The next PLL circuit element to be considered in our circuit is the voltage controlled oscillator. With VCOs, a fundamental trade-off between phase noise, frequency coverage, and power consumption is necessary. The higher the quality factor (Q) of the oscillator, the lower the VCO phase noise is. However, higher Q circuits have narrower frequency ranges. Increasing the power supply will also lower the phase noise. Looking at the Analog Devices family of VCOs, the HMC507 covers a range of 6650 MHz to 7650 MHz and the VCO noise at 100 kHz is approximately –115 dBc/Hz. By contrast, the HMC586 covers a full octave from 4000 MHz to 8000 MHz, but has higher phase noise of –100 dBc/Hz. One strategy for minimizing phase noise in such VCOs is to increase the voltage tuning range of the VTUNE to the VCO (up to 20 V or greater). This increases PLL circuit complexity, as most PLL charge pumps can only tune to 5 V, so an active filter using operational amplifiers is used to increase the tuning voltage of the PLL circuit on its own.

Multiband Integrated PLLs and VCOs

Another strategy to increase frequency coverage without degrading VCO phase noise is to use a multiband VCO, in which overlapping frequency ranges are used to cover an octave of frequency range, and lower frequencies can be generated by using frequency dividers at the output of the VCO. Such a device is the ADF4356, which uses four main VCO cores each with 256 overlapping frequency ranges. The internal reference and feedback frequency dividers are used by the device to choose the appropriate VCO band, a process known as VCO band select or autocalibration.

The wide tuning range of the multiband VCOs makes them suitable for use in wideband instrumentation, in which they generate a wide range of frequencies. The 39 bits of fractional-N resolution also makes them ideal candidates for these precise frequency applications. In instruments such as vector network analyzers, ultrafast switching speed is essential. This can be achieved by using a very wide low-pass filter bandwidth, which tunes to final frequency very quickly. The automatic frequency calibration routine can be bypassed in these applications by using a look-up table with the frequency values directly programmed for each frequency, true single core wideband VCOs like the HMC733 can also be used with less complexity.

For phase-locked loop circuits, the bandwidth of the low-pass filter has a direct influence on the settling time of the system. The low-pass filter is the final element in our circuit. If settling time is critical, the loop bandwidth should be increased to the maximum bandwidth permissible for achieving stable lock and meeting phase noise and spurious frequency targets. The narrow-band demands in a communications link mean the optimal bandwidth of the low-pass filter for minimum integrated noise (between 30 kHz to 100 MHz) is about 207 kHz (Figure 20) using the HMC507. This provides approximately –51 dBc of integrated noise and achieves frequency lock to within 1 kHz error in about 51 µs (Figure 22).

By contrast, the wideband HMC586 (covering from 4 GHz to 8 GHz) achieves the optimum rms phase noise with a wider bandwidth closer to 300 kHz bandwidth (Figure 21), achieving –44 dBc of integrated noise. However, it achieves frequency lock to the same specification in less than 27 µs (Figure 23). Correct part selection and the surrounding circuit design are all critical for achieving the best outcome for the application.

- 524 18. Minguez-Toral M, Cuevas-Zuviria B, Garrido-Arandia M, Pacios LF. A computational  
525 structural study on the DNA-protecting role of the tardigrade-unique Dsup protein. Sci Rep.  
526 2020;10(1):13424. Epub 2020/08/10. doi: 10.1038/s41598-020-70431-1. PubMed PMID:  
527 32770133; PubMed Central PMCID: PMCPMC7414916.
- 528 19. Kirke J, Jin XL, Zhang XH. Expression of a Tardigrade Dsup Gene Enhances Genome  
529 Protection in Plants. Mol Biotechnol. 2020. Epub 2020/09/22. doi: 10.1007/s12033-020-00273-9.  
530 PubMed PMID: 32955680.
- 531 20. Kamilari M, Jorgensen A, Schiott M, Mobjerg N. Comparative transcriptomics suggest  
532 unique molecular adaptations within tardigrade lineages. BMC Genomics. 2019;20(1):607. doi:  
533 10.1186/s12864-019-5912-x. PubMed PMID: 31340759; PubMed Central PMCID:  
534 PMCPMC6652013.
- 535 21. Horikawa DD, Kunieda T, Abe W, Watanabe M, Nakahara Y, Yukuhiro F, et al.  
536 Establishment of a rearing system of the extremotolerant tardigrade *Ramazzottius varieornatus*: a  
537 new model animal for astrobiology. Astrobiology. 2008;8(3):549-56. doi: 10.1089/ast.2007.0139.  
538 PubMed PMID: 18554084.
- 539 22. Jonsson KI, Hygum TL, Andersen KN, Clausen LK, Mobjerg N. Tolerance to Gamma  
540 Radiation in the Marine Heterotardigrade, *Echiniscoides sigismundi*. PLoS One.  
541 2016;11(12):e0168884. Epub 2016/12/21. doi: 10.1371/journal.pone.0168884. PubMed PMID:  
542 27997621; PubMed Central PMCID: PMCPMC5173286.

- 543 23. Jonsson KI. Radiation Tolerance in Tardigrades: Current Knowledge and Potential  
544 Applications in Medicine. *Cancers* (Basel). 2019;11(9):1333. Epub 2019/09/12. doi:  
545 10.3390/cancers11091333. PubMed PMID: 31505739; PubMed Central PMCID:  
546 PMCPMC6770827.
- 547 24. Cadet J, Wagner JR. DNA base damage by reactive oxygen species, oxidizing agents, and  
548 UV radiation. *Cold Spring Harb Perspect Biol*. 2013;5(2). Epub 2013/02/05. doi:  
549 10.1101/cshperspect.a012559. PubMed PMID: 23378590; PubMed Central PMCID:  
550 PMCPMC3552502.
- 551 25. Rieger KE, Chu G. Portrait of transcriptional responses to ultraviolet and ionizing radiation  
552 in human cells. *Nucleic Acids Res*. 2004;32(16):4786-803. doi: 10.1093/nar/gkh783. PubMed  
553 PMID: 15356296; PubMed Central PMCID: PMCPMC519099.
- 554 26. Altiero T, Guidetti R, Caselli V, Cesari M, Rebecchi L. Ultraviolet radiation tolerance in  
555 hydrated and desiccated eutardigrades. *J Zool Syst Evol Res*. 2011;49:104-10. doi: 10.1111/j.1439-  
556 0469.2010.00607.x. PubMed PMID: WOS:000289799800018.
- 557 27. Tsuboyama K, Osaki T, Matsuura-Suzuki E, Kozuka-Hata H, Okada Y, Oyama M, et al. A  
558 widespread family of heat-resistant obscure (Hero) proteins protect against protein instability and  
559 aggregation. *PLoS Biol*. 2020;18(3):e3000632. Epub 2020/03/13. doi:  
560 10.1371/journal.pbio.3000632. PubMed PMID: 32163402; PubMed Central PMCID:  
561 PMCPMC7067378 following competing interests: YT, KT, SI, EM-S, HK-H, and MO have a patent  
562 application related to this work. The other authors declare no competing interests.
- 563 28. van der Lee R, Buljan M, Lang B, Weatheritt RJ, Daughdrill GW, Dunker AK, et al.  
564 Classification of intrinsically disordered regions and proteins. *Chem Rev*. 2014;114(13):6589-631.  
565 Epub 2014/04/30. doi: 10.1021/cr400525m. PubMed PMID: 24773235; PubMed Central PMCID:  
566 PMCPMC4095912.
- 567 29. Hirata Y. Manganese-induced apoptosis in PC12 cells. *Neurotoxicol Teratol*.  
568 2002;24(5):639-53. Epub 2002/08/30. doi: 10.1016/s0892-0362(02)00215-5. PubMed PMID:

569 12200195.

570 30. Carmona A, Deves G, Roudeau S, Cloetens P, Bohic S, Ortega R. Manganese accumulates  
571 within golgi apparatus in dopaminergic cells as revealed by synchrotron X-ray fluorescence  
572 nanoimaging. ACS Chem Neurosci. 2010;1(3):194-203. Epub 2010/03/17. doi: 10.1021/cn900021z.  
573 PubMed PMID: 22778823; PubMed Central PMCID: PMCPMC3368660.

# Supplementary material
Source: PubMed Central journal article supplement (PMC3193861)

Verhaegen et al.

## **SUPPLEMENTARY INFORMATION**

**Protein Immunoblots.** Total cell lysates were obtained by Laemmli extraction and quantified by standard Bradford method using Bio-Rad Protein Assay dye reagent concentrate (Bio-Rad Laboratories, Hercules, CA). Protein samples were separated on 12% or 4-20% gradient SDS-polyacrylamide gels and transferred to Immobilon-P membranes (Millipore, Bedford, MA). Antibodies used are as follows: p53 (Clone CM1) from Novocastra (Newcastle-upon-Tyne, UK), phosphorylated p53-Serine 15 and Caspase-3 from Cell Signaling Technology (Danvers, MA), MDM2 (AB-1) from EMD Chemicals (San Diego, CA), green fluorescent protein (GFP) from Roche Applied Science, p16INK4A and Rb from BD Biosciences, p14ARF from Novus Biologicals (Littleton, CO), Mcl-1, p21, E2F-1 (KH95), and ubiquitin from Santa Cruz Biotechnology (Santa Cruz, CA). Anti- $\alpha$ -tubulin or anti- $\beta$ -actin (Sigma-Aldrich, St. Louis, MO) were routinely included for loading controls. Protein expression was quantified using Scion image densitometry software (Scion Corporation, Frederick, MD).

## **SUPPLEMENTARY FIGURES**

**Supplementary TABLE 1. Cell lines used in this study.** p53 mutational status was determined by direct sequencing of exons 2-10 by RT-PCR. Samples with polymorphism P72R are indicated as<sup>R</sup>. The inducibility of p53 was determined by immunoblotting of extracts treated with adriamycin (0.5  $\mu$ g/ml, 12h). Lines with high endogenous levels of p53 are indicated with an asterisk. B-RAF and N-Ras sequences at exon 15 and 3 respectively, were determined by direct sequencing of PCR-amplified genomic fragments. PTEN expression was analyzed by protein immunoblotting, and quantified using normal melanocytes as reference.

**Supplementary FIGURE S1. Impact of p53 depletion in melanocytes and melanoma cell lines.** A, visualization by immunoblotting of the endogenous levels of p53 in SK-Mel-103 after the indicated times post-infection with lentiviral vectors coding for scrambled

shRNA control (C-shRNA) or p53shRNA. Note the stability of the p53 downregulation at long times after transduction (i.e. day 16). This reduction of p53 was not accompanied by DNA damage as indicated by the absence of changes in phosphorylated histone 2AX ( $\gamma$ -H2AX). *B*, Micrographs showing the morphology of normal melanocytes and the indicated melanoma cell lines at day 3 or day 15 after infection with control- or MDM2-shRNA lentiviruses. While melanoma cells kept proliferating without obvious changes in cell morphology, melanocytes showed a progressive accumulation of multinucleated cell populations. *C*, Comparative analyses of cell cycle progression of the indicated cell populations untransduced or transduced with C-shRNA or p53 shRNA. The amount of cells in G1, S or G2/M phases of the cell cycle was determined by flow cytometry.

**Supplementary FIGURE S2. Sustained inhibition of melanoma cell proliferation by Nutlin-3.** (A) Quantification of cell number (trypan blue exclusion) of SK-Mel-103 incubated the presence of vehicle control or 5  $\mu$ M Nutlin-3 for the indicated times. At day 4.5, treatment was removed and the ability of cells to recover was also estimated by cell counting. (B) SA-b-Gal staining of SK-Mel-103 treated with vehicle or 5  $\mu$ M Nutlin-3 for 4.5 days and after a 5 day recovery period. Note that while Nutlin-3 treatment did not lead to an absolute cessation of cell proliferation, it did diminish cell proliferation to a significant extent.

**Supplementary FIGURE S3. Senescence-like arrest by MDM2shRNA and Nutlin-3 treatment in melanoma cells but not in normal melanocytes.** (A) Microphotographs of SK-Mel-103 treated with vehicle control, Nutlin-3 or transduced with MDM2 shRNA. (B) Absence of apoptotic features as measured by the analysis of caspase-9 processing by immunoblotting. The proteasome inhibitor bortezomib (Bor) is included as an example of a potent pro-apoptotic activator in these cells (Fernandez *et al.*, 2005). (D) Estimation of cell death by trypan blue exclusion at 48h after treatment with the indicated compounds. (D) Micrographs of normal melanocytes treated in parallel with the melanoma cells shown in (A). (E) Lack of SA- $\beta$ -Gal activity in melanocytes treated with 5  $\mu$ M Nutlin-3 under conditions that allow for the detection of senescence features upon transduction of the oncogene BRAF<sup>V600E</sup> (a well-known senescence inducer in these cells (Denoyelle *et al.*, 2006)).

Figure 20
Figure 20. Phase noise HMC704 plus HMC507.

Figure 21
Figure 21. Phase noise HMC704 plus HMC586.

Figure 22
Figure 22. Frequency settling: HMC704 plus HMC507.

Figure 23
Figure 23. HMC704 plus HMC586.

Low Jitter Clocking

For high speed digital-to-analog converters (DACs) and high speed analog-to-digital converters (ADCs), a clean low jitter sampling clock is an essential building block. To minimize in band noise a low N value is desired; but to minimize spurious noise, integer N is preferred. Clocking tends to be fixed frequency so the frequencies can be chosen to ensure that the REFIN frequency is an exact integer multiple of the input frequency. This ensures the lowest in-band PLL noise. The VCO (whether integrated or not) needs to be chosen to ensure that it is sufficiently low noise for the application, paying particular attention to the wideband noise. The low-pass filter then needs to be carefully placed to ensure that the in-band PLL noise will intersect with the VCO noise—this ensures lowest rms jitter. A low-pass filter with phase margin of 60° ensures lowest filter peaking, which minimizes jitter. In this manner, low jitter clocking falls in between the clock clean-up application of the first circuit discussed in this article, and the fast switching capability of the last circuit discussed.

For clocking circuits, the rms jitter of the clock is the key performance parameter. This can be estimated using ADIsimPLL or measured with a signal source analyzer. For high performance PLL parts like the ADF5356, a relatively wide low-pass filter bandwidth of 132 kHz, together with an ultralow REFIN source like a Wenxel OCXO, allows the user to design clocks with rms jitter below 90 fs (Figure 26). Manipulating the placement of the PLL loop filter bandwidth (LBW) shows how decreasing it too much has an effect in which VCO noise begins to dominate at small offsets (Figure 24) where the in-band PLL noise would in fact be lower, and increasing it too much means the in-band noise is dominating at offsets where the VCO noise would instead be significantly lower (Figure 25).

Figure 24
Figure 24. LBW = 10 kHz, 331 fs jitter.

Figure 25
Figure 25. LBW = 500 kHz, 111 fs jitter.

Figure 26
Figure 26. LBW = 132 kHz, 83 fs jitter.


Collins, Ian. “Integrated PLLs and VCOs for Wireless Applications.” Radio Electronics, 2010.

Curtin, Mike and Paul O’Brien. “Phase-Locked Loops for High Frequency Receivers and Transmitters.” Analog Dialogue, Vol. 33, 1999.


Ian Collins

Ian Collins

Ian Collins graduated from University College Cork with a degree in electrical and electronic engineering and has worked in the RF and Microwave Group of Analog Devices since 2000. He is currently applications manager of the Microwave Frequency Generation Group, which focuses mainly on phase-locked loop (PLL) and voltage controlled oscillator (VCO) products. When not spending time at work or with his young family, Ian enjoys photography and the theater (both on- and off-stage), reading, and listening to music.